Our clinical trials program at The Harry and Jeanette Weinberg Cancer Institute is one of the largest in the state. The reputation of the Cancer Institute, its doctors and the greater availability of new treatments attract patients from a tri-state area.
What is a clinical trial and why should you participate?
A clinical trial is a research study. People who participate receive either treatments not yet available to the general public, or available treatments used in new ways or in new combinations.
Clinical trials can offer the most up-to-date treatment for your cancer, and can represent a significant improvement in your care, especially if your first-line therapy has not been successful.
Participation means that you will receive the additional support of a research nurse. Your research nurse will be your advocate and will see to it that your treatment regimen follows strict clinical trial instructions. At the end of your treatment, your research nurse will continue to call you or your doctor to follow up on your condition.
Clinical trials are the most effective way to improve cancer survival rates. Your participation in a clinical trial will benefit future cancer patients.
What clinical trials are available?
The many cancer trials open for patient enrollment focus on the prevention, treatment or palliation of different types of cancer. Most come with a quality of life component.
Because of MedStar Franklin Square’s reputation for quality of care, trials are sometimes available here when they are unavailable elsewhere. For more information about our clinical trials, call 443-777-7364.
What safeguards are in place before a clinical trial is offered?
Before a clinical trial is made available, it is reviewed by our hospital’s institutional review board (IRB). The IRB is a group of doctors, nurses, researchers and community representatives who decide whether the clinical trial is safe and effective and whether it is based on the best interests of the people who will participate in it. Guidelines regulating these decisions are set by the U.S. Department of Health and Human Services.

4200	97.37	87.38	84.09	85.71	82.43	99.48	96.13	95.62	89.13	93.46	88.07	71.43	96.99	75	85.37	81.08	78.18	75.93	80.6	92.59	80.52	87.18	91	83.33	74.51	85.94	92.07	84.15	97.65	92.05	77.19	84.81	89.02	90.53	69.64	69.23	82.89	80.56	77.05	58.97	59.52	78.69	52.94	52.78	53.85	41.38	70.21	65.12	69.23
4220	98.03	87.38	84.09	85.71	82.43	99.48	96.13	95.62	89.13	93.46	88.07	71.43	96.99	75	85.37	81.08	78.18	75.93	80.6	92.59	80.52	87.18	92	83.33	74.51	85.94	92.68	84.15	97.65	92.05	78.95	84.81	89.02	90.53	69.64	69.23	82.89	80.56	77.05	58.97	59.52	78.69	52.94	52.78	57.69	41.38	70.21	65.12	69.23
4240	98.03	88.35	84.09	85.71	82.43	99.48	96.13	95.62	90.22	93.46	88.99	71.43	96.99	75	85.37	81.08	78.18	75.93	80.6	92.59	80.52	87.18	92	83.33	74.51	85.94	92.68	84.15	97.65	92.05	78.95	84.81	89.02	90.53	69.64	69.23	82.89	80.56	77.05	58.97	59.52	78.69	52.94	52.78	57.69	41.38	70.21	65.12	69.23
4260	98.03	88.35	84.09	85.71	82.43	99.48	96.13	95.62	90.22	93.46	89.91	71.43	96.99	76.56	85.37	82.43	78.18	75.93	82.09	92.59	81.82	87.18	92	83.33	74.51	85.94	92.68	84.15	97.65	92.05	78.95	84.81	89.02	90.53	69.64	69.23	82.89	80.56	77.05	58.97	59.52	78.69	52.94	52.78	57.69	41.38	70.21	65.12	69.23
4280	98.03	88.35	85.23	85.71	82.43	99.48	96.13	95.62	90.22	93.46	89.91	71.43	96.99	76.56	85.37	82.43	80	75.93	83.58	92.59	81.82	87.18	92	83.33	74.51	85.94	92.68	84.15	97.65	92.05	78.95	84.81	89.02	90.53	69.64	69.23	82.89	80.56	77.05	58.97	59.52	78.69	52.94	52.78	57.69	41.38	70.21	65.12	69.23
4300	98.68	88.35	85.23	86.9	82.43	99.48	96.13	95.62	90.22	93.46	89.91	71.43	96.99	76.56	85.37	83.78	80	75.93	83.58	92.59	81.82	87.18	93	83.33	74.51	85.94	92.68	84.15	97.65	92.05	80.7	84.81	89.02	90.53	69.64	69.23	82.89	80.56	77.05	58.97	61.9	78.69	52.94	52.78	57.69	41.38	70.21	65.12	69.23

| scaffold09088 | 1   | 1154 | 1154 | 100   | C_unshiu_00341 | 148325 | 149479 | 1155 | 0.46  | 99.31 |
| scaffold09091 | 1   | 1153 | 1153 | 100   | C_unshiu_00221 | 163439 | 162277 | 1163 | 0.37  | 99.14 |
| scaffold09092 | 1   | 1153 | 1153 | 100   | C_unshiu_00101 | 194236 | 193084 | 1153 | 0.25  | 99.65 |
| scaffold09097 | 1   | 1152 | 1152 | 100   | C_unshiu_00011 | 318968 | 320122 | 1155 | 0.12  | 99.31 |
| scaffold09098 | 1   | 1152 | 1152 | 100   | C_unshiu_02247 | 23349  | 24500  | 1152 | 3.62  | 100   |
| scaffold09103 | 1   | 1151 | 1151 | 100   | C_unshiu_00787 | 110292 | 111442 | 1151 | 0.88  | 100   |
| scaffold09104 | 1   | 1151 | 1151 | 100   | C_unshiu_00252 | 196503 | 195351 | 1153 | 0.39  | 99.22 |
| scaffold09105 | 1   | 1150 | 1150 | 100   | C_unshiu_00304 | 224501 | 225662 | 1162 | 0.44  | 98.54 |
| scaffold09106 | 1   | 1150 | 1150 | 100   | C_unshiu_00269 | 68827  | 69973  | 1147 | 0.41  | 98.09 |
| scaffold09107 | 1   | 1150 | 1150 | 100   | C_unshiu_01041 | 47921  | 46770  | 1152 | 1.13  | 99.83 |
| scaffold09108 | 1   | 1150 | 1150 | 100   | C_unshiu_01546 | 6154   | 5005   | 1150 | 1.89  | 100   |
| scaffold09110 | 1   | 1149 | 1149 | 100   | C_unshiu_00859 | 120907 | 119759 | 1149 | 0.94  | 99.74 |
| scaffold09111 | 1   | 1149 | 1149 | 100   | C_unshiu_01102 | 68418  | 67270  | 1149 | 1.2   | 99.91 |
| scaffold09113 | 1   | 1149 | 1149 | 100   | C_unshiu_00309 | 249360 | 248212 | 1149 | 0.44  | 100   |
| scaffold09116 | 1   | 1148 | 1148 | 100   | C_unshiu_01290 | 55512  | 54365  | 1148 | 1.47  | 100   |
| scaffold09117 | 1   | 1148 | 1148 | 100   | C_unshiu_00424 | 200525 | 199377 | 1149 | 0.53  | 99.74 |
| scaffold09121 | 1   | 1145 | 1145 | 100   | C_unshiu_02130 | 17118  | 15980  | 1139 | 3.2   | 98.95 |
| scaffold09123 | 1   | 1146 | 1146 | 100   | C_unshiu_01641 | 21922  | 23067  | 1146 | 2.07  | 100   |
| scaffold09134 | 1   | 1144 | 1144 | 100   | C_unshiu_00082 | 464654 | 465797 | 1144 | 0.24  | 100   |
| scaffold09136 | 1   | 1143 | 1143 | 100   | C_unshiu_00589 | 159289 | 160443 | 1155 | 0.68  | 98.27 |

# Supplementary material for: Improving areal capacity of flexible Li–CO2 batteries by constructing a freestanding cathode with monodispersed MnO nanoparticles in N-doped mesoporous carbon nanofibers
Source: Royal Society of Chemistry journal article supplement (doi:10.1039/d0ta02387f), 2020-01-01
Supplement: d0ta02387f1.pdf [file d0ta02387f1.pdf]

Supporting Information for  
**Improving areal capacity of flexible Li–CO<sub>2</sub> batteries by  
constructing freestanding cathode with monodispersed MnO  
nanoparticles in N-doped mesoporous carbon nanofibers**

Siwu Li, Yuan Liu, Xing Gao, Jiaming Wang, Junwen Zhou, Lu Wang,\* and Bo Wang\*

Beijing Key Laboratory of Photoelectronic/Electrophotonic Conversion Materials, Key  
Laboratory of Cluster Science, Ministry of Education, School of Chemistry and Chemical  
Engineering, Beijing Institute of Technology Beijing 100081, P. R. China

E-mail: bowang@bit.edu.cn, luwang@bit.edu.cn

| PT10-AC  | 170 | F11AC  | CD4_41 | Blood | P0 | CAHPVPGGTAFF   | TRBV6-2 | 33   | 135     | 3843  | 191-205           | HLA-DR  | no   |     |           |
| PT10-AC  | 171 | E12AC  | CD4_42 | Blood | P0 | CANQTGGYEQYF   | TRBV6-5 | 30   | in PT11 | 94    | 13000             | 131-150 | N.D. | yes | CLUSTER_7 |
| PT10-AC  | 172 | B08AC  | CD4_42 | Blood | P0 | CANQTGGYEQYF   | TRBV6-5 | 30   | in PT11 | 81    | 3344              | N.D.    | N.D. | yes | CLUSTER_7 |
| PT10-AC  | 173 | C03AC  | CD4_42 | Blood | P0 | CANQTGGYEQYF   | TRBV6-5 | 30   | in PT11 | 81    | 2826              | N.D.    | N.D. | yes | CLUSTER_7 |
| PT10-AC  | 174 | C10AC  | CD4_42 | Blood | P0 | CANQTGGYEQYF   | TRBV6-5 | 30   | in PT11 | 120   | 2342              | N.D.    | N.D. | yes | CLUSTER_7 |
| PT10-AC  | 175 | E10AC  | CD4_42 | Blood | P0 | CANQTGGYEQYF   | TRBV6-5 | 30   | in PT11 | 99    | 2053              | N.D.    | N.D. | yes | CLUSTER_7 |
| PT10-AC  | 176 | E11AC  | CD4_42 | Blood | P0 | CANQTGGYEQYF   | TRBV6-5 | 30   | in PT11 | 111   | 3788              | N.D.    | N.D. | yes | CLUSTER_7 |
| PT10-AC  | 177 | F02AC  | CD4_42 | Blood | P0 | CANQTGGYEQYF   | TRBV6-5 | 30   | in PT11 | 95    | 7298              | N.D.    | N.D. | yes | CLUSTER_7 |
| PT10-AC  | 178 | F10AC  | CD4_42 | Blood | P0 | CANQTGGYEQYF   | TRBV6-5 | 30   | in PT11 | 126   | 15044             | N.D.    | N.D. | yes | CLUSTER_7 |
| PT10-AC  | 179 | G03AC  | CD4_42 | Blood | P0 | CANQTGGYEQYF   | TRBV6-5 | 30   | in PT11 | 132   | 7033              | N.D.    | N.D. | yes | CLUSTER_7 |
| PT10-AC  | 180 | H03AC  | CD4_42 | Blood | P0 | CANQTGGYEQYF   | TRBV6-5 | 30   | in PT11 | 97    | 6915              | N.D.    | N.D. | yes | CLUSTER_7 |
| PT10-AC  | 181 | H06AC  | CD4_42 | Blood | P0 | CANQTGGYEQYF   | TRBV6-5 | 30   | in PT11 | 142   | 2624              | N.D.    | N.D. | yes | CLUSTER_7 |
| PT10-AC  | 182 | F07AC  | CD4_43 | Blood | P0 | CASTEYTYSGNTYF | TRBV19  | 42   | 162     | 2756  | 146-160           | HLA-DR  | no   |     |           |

Patients must also meet the specific criteria of the trial (i.e., stage of disease) and they must sign an informed consent that states they have been advised of all the medical aspects of the clinical trial. The doctor and the research nurse individually educate the patient about the regimen of treatment to be received.
The patient also has the right to stop participation in the trial at any time.
Who sponsors clinical trials?
Our cancer trials are sponsored by multi-institutional research groups supported by the National Cancer Institute (NCI), pharmaceutical companies and independent investigators.
The Maryland Melanoma Center is involved in basic science research and in immunological trials. Participants are high-risk melanoma patients who are immunized against the recurrence of their disease; they receive what is known as a personal vaccine, meaning their vaccines are made from their own melanoma cells.
Our NCI-sponsored affiliations include the Gynecologic Oncology Group, National Surgical Adjuvant Breast and Bowel Project, and Cancer and Leukemia Group B.
Can I Discontinue Treatment if I Change My Mind?
Yes. You are free to discontinue treatment at any time. This will not affect your relationship with your doctor. Your doctor and cancer program staff will provide other available care. In fact, if your doctor believes that the treatment you receive in the clinical trial is not helping, or that its side effects are too harmful, he or she will take you out of the study.
How Will I be Billed for My Treatment?
Billing is the same for clinical trial participants and non-participants. Treatments are charged to your insurance company. Other sources of funding may cover additional costs of the clinical trial.
National Surgical Adjuvant Breast and Bowel Project
The National Surgical Adjuvant Breast and Bowel Project (NSABP) is a cooperative group of researchers with a 40-year history of designing and conducting clinical trials. Results of NSABP studies altered the standard surgical treatment of breast cancer from radical mastectomy to lumpectomy plus radiation. NSABP was also the first to show that adjuvant therapy, therapy used in addition to and following primary treatment, could increase survival rates.
All of our American College of Surgeons (ACOS)-accredited cancer programs participate in NSABP clinical trials. Currently, our doctors are recruiting volunteers for a number of NSABP protocols.
For more information about our clinical trials, call 443-777-7364.